• Jason

    Good post, but you forgot one element of the Facebook page: Having fun with it. We are a little 3 lawyer shop that posts pictures of our young associate and his first client ; his dog sitting in the chair), some fun photo of the staff giving us our espresso maker, birthdays, etc.

    We view it as having fun t work and letting our “likers” see what wee up to. We have court admin staff, a judge, a bunch of local lawyers and of course the obligatory family and friends follow us. A few clients do follow us, but the page is not for them, it’s for us.

    • http://www.eriebusinesslaw.com/ Adam Williams

      Jason, do you want to share a link to your facebook page? I get a lot of feedback on my page b/c people think it’s “fun.” I’d like to see what you’re doing.

  • http://massrealestatelawblog.com/ Richard Vetstein

    Completely disagree. My firm Facebook page has over 700 fans, many of whom are my present and former clients, business partners, Realtors and just folks interested in what I have to say about Mass. real estate law. http://facebook.com/vetsteinlawgroup

    While I have a blog, my facebook page is a place where I can post news article and other tidbits that don’t warrant extensive discussion on my blog. Sort of like a twitter feed. And it’s a place where I announce seminars, webinars and client appreciate events. It’s worked great for me, and I get business through the page.

    With only 23 fans and with admitted low effort in running the page effectively, I can understand why you are down on the Facebook page. Doesn’t mean that your experience is indicative of every other lawyer’s experience.

    I agree, if your page sucks, take it down. But there are a lot of things you can do to make it better. You can add JD Supra, Youtube videos, RSS feeds, sign up forms, events, photos (everyone loves pics). All sorts of things.

    ~Rich V.

    • http://prosocialtools.com Tim Piazza

      Good job on getting 750 fans, Rick. Your step is getting them to engage with you so that you’re reaching their 100,000 friends. :-) Now THAT is social marketing!

      • http://lawyerist.com/author/samglover/ Sam Glover

        Oh look, a social media consultant!

        • http://prosocialtools.com Tim Piazza

          Damn. I’ve been discovered.

          Actually, I’d rather be a social media manager than a social media consultant. I prefer doing the work rather than giving advice that isn’t followed and then be blamed for the poor results. :-)

    • http://lawyerist.com/author/samglover/ Sam Glover

      I said my Facebook page only had 23 fans. That’s not what I am basing this post on. I’m basing this post on the dozens—at least—of law firm Facebook pages I’m asked to like every month, the vast majority of which are lame.

      Also, just because 700+ fans doesn’t foreclose the possibility that your firm’s page, while popular, is still lame.

      • http://ashcraftfirm.com Greg Ashcraft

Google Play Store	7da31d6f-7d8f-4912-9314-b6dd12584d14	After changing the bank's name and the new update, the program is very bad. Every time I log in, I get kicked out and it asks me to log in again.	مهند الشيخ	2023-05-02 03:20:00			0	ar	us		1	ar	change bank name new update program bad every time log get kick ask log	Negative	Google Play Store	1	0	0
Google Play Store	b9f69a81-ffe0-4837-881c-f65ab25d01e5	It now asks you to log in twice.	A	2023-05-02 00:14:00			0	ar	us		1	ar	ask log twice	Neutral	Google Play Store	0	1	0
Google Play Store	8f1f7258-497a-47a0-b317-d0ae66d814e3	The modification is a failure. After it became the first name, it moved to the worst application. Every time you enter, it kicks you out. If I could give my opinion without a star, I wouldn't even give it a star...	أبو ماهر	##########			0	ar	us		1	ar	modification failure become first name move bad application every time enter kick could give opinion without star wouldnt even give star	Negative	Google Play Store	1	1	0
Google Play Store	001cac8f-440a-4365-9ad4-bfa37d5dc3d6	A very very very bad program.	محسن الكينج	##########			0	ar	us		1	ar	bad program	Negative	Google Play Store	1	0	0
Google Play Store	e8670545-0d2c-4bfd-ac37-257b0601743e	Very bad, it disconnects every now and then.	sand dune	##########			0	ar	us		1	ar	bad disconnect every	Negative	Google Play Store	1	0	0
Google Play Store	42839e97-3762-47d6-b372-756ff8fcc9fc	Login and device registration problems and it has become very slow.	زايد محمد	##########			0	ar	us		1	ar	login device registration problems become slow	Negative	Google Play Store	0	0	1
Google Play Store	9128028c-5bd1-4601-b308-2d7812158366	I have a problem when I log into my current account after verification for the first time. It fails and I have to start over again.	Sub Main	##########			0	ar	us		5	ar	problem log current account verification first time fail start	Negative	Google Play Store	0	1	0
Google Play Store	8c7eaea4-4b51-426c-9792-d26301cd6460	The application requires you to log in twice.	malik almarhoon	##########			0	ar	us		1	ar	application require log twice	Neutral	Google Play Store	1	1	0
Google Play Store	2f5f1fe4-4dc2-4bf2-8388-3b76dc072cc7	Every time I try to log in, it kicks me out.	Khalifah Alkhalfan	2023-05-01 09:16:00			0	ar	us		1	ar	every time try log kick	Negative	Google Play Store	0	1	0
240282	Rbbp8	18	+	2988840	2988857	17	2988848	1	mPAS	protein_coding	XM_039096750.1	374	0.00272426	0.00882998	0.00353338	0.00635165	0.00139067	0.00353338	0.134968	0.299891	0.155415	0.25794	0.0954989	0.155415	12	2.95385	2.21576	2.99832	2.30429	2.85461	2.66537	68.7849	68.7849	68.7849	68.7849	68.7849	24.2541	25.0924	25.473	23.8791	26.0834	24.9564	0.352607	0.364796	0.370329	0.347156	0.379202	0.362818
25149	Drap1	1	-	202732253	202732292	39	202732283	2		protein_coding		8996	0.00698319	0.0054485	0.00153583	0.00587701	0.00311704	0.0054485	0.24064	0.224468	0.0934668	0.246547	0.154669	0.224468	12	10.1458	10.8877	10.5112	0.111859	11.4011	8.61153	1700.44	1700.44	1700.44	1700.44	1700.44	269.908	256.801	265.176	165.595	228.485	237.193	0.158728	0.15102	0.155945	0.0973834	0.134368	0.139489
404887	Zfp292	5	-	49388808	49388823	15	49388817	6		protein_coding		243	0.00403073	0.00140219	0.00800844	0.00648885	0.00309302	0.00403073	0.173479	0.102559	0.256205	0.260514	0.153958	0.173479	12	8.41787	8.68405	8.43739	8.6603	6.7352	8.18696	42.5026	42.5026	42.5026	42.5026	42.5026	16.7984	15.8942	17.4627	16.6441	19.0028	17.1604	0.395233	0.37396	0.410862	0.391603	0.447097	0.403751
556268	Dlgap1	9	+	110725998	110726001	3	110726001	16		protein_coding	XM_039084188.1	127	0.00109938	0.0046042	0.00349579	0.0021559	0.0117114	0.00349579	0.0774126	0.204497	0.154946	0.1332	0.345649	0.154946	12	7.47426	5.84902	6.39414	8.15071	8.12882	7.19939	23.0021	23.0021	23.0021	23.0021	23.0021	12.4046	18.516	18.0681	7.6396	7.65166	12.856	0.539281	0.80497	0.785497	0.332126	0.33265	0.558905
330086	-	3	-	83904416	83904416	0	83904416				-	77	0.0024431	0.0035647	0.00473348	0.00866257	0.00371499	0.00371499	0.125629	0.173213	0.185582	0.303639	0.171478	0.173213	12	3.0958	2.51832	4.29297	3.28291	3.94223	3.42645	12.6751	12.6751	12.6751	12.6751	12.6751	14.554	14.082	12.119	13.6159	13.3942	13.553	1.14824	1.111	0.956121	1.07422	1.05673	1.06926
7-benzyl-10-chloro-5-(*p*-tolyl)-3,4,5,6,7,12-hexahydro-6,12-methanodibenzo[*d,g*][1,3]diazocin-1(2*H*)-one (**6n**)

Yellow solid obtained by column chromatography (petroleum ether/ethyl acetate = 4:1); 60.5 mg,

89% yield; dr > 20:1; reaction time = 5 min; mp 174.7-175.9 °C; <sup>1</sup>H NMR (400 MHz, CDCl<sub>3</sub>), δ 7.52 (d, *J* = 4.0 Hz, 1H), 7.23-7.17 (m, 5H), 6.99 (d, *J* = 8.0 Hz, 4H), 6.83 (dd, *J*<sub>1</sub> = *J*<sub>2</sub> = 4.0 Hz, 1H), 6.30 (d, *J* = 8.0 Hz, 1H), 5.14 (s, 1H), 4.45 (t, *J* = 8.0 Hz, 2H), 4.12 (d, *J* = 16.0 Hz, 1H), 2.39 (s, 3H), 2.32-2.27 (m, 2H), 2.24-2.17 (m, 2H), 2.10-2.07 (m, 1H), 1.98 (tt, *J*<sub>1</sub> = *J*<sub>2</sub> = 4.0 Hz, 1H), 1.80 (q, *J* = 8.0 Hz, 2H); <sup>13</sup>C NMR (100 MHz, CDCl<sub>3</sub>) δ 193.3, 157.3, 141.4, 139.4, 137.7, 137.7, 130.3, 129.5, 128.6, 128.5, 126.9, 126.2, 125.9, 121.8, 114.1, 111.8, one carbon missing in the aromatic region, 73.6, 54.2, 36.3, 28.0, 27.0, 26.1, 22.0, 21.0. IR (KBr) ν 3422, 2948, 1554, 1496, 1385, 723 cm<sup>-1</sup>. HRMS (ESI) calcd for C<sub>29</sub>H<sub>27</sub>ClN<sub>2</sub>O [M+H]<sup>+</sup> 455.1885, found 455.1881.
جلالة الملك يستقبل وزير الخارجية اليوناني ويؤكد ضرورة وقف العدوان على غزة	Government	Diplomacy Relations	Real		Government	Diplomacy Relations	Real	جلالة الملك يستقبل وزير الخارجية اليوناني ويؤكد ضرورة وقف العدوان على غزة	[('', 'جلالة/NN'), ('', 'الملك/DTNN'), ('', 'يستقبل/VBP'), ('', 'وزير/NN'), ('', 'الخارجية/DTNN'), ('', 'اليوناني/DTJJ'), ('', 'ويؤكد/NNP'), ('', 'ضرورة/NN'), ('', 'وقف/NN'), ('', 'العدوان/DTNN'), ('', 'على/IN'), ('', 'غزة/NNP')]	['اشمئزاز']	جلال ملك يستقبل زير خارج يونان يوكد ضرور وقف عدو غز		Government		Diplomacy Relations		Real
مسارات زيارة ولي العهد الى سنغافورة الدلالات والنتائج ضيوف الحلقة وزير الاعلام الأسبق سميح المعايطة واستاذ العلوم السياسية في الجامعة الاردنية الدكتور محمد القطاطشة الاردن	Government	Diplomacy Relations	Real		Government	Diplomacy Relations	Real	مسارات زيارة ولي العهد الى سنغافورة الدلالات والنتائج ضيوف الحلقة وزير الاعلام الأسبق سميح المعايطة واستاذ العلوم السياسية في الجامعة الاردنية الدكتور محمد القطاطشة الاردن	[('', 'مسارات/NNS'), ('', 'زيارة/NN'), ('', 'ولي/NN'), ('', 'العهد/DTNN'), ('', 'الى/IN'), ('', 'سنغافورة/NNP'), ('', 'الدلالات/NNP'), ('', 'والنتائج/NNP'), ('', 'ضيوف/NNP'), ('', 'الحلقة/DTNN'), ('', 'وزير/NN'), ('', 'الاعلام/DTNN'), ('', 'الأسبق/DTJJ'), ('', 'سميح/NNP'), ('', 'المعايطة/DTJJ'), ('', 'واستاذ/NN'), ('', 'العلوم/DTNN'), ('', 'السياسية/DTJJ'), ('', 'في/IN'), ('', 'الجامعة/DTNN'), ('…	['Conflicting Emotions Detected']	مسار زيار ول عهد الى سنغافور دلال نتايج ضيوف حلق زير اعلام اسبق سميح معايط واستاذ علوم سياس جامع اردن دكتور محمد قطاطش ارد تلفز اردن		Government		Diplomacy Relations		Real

It’s not that ALL law firm Facebook pages are lame the “vast majority… are lame.” Maybe the trick is trying to make a Facebook page for your firm that isn’t lame. I have only been working an my Facebook page for a week at this point. I have 163 fans and I have a meeting on Tuesday with a friend who saw a posted article (which clued him into a way that I could benefit his customers) and wants to meet with me to start referring clients to me. I don’t think that the majority of law firms don’t do it right. The answer is not abandoning a potential fount of new clients, the answer is finding out how to communicate on it properly. If your bored then your boring.

    • http://lawyerist.com/author/samglover/ Sam Glover

      In other words, you responded to my qualitative argument with a quantitative one.

  • Shaun

    I have always seen the firm FB page as simply further assurance for any potential client that feels the need to judge a firm in part by its internet presence. Some people google you and your firm trying to get a level of comfort about you before they even call. Since the FB page is free, why not have one if it helps some clients get comfortable calling you? As a tip, post updates and link them to twitter and linked in. that should help to reduce the time you spend managing your social media accounts, while still keeping the content fresh.

    I enjoyed the article though, lol. I just have very different expectations re what the firm FB page will do for me.

  • http://lawyerist.com/author/gyitsakalakis/ Gyi Tsakalakis

    Facebook pages used for “marketing” (as I perceive you’re using the term) and “advertising” can be, and in fact most are, totally lame. Especially those of law firms.

    Like everything else that we share, publish, curate, blah, blah, blah online, whether or not your facebook page does anything but annoy people, depends on what you share on it and how you use it.

    Most law firm websites, blogs, twitter handles, etc, suck. Is that a reason that all lawyers should abandon these tools. I don’t think so. Perhaps the ones that suck should.

    Is your strongest “marketing” tool you, your reputation, and the quality of the services you provide? Of course.

    But if you don’t think that the web, search engines, social networks, and even facebook pages, play any role in how lawyers are perceived, well, in my humble opinion, you’re just wrong.

    But if you’re saying that the way most law firms use facebook pages today, is hurting more than it’s helping, well, in my humble opinion, you’re right.

    • http://lawyerist.com/author/samglover/ Sam Glover

      I absolutely think Facebook pages play a role in how lawyers are perceived. I also think that, for the vast majority of law firm Facebook pages, the role those pages play is to create the impression that the law firm is lame.

  • http://www.freedmanlpm.com Jennifer Ellis